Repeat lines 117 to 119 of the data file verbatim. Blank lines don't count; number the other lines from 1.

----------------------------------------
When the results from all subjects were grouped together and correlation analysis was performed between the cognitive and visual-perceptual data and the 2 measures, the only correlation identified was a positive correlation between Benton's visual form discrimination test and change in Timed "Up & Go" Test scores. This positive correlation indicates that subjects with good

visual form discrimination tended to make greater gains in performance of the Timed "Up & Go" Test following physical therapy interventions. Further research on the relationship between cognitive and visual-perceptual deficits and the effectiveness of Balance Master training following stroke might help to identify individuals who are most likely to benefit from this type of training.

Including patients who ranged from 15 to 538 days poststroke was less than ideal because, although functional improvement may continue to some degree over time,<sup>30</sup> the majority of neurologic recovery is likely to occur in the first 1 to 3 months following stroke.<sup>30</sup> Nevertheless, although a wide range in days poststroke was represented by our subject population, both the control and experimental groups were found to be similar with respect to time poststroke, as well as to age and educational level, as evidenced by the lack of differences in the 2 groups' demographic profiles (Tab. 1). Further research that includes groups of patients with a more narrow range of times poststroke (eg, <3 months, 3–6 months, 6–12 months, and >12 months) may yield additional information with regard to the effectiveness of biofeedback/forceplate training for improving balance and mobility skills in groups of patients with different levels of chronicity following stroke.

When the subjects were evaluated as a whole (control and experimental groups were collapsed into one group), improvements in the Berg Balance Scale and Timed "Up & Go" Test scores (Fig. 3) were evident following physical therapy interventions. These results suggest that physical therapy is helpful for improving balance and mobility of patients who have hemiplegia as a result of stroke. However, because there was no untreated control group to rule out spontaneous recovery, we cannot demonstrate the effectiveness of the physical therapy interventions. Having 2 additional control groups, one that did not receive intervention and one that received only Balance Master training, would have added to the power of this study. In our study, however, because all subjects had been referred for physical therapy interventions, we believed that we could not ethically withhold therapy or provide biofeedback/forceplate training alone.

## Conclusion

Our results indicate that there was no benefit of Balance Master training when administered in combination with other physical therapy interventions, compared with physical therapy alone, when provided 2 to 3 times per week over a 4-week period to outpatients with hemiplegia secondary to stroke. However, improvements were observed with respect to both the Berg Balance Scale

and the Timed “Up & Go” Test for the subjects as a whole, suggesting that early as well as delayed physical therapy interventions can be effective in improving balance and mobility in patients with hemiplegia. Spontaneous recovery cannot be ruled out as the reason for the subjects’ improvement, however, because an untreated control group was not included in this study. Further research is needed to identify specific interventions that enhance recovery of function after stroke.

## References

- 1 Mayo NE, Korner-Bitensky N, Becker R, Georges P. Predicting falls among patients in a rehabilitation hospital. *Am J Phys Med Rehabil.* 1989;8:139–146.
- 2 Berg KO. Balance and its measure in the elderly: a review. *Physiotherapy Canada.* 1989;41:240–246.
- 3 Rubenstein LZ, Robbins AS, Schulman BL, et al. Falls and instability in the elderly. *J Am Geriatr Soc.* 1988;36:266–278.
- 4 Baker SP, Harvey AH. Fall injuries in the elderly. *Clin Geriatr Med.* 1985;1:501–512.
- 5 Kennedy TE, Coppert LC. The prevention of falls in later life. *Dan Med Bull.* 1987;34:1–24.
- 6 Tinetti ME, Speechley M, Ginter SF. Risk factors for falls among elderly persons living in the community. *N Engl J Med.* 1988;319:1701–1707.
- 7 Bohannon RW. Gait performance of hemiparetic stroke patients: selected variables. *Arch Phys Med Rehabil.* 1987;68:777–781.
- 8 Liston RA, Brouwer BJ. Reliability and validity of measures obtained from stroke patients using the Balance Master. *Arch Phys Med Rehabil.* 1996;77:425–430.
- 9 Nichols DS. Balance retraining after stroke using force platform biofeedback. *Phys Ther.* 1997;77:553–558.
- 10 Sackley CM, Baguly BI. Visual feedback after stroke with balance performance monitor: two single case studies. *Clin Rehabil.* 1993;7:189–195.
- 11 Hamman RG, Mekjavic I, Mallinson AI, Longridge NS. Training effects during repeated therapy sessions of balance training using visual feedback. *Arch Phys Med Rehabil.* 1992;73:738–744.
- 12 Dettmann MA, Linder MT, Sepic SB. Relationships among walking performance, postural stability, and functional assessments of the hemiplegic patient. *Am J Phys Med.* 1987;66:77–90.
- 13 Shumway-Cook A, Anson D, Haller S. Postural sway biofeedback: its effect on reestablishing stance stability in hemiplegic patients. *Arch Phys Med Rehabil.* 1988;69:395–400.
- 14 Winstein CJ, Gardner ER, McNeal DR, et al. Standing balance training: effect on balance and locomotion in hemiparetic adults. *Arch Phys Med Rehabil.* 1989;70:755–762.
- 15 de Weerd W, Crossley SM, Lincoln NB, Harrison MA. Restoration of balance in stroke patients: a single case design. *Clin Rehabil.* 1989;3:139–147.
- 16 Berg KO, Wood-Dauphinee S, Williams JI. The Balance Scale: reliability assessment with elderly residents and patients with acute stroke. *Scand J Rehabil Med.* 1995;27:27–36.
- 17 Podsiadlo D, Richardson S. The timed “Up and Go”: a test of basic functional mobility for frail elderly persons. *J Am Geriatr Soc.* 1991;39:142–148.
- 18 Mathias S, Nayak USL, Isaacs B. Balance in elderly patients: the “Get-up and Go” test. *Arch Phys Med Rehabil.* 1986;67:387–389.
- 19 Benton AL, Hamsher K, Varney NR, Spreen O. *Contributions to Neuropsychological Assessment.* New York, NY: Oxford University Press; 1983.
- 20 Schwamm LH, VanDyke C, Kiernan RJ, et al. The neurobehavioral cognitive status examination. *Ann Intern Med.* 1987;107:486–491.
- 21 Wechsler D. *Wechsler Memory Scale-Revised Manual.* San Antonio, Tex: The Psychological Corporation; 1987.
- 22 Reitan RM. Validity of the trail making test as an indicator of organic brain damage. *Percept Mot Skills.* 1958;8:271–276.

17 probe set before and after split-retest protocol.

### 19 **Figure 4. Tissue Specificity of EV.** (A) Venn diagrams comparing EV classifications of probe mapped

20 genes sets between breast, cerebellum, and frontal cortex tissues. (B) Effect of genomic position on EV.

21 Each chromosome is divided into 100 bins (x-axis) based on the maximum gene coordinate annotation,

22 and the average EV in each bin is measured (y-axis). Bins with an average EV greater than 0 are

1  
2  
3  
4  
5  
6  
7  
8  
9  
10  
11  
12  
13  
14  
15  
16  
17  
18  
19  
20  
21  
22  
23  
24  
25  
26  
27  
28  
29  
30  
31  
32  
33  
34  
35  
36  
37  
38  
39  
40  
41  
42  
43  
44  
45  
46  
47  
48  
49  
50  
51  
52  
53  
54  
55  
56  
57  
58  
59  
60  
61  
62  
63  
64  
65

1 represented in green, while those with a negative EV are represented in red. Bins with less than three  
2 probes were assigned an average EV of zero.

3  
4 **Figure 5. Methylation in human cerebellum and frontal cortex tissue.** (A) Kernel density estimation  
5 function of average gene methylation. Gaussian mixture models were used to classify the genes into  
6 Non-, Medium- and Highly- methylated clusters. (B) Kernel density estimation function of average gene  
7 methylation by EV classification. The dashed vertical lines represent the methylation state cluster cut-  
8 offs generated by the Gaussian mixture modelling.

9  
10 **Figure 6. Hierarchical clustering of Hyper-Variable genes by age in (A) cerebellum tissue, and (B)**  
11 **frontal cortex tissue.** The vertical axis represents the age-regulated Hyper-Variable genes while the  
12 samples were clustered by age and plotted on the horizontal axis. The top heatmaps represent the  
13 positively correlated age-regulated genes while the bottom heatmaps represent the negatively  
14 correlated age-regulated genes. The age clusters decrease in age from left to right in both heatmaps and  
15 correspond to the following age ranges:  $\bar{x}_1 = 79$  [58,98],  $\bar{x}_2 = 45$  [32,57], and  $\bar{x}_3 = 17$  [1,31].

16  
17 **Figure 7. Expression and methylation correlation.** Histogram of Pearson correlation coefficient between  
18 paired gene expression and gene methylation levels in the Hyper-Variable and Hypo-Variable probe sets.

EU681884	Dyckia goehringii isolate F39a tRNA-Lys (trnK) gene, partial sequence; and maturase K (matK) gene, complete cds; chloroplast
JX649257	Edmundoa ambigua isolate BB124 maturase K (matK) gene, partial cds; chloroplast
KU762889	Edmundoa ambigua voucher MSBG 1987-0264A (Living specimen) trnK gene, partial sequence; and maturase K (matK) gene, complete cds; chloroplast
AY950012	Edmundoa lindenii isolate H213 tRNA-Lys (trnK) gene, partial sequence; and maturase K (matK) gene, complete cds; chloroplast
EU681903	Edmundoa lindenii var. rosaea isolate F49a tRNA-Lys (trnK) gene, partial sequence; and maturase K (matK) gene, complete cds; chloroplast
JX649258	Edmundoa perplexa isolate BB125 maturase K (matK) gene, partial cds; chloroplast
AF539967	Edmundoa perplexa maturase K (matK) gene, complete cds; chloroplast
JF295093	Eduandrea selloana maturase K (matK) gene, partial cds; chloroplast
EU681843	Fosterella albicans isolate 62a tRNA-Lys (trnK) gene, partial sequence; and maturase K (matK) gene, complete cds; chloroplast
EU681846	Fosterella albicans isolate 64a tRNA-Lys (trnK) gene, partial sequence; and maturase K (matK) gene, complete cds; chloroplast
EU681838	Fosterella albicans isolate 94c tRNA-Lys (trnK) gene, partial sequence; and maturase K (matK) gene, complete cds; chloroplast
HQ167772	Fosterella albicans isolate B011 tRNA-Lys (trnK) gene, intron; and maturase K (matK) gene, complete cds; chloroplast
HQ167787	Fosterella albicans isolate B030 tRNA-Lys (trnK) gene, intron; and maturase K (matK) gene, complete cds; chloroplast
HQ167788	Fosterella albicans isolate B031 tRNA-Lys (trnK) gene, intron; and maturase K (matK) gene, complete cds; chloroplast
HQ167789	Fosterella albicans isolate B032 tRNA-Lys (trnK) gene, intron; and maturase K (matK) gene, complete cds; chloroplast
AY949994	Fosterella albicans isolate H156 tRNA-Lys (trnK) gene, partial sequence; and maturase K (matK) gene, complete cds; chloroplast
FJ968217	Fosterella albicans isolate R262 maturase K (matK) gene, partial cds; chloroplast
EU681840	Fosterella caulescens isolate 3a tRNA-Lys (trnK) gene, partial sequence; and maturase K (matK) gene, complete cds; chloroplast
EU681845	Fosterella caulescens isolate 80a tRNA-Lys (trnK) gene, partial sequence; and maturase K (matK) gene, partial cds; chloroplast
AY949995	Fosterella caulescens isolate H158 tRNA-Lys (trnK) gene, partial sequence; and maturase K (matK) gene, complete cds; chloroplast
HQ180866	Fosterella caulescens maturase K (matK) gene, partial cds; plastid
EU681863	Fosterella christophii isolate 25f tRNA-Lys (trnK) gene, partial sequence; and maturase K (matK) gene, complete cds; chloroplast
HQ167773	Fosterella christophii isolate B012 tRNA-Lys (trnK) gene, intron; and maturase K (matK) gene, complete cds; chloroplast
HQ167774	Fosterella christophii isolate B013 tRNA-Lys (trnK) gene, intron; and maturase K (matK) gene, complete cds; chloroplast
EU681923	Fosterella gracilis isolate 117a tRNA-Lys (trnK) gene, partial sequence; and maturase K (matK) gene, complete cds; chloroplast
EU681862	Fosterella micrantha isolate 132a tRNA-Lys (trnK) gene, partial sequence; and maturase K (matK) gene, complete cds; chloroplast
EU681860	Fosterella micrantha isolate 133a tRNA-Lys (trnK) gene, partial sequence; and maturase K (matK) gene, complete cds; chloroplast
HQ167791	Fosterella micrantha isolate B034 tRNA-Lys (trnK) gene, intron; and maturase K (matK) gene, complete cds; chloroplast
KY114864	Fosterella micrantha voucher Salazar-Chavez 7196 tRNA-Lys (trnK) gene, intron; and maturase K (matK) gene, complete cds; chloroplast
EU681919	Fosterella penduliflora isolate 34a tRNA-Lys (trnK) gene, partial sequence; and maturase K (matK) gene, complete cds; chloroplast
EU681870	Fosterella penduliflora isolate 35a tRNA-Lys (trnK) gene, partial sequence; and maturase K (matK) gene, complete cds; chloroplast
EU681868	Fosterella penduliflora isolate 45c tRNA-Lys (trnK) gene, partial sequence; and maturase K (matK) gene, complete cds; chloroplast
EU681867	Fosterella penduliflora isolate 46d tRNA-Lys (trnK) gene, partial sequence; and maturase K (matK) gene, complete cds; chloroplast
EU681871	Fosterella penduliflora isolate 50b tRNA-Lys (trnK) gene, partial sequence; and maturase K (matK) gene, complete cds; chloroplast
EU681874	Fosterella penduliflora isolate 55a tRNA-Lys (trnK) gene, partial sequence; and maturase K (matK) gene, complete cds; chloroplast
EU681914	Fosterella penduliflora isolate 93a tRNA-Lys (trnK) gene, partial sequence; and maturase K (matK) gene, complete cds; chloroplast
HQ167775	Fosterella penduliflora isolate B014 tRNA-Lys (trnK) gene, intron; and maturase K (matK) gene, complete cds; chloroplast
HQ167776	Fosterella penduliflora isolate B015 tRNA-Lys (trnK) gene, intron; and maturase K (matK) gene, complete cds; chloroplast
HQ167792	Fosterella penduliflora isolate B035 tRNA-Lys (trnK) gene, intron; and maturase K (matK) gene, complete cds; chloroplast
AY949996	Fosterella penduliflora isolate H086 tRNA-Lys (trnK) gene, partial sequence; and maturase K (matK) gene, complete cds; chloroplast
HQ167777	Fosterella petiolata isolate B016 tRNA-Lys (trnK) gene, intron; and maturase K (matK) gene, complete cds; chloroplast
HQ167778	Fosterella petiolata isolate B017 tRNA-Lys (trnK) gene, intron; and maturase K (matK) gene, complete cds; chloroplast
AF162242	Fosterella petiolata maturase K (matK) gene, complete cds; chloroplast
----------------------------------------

17 **Figure 7. Expression and methylation correlation.** Histogram of Pearson correlation coefficient between  
18 paired gene expression and gene methylation levels in the Hyper-Variable and Hypo-Variable probe sets.

EU681884	Dyckia goehringii isolate F39a tRNA-Lys (trnK) gene, partial sequence; and maturase K (matK) gene, complete cds; chloroplast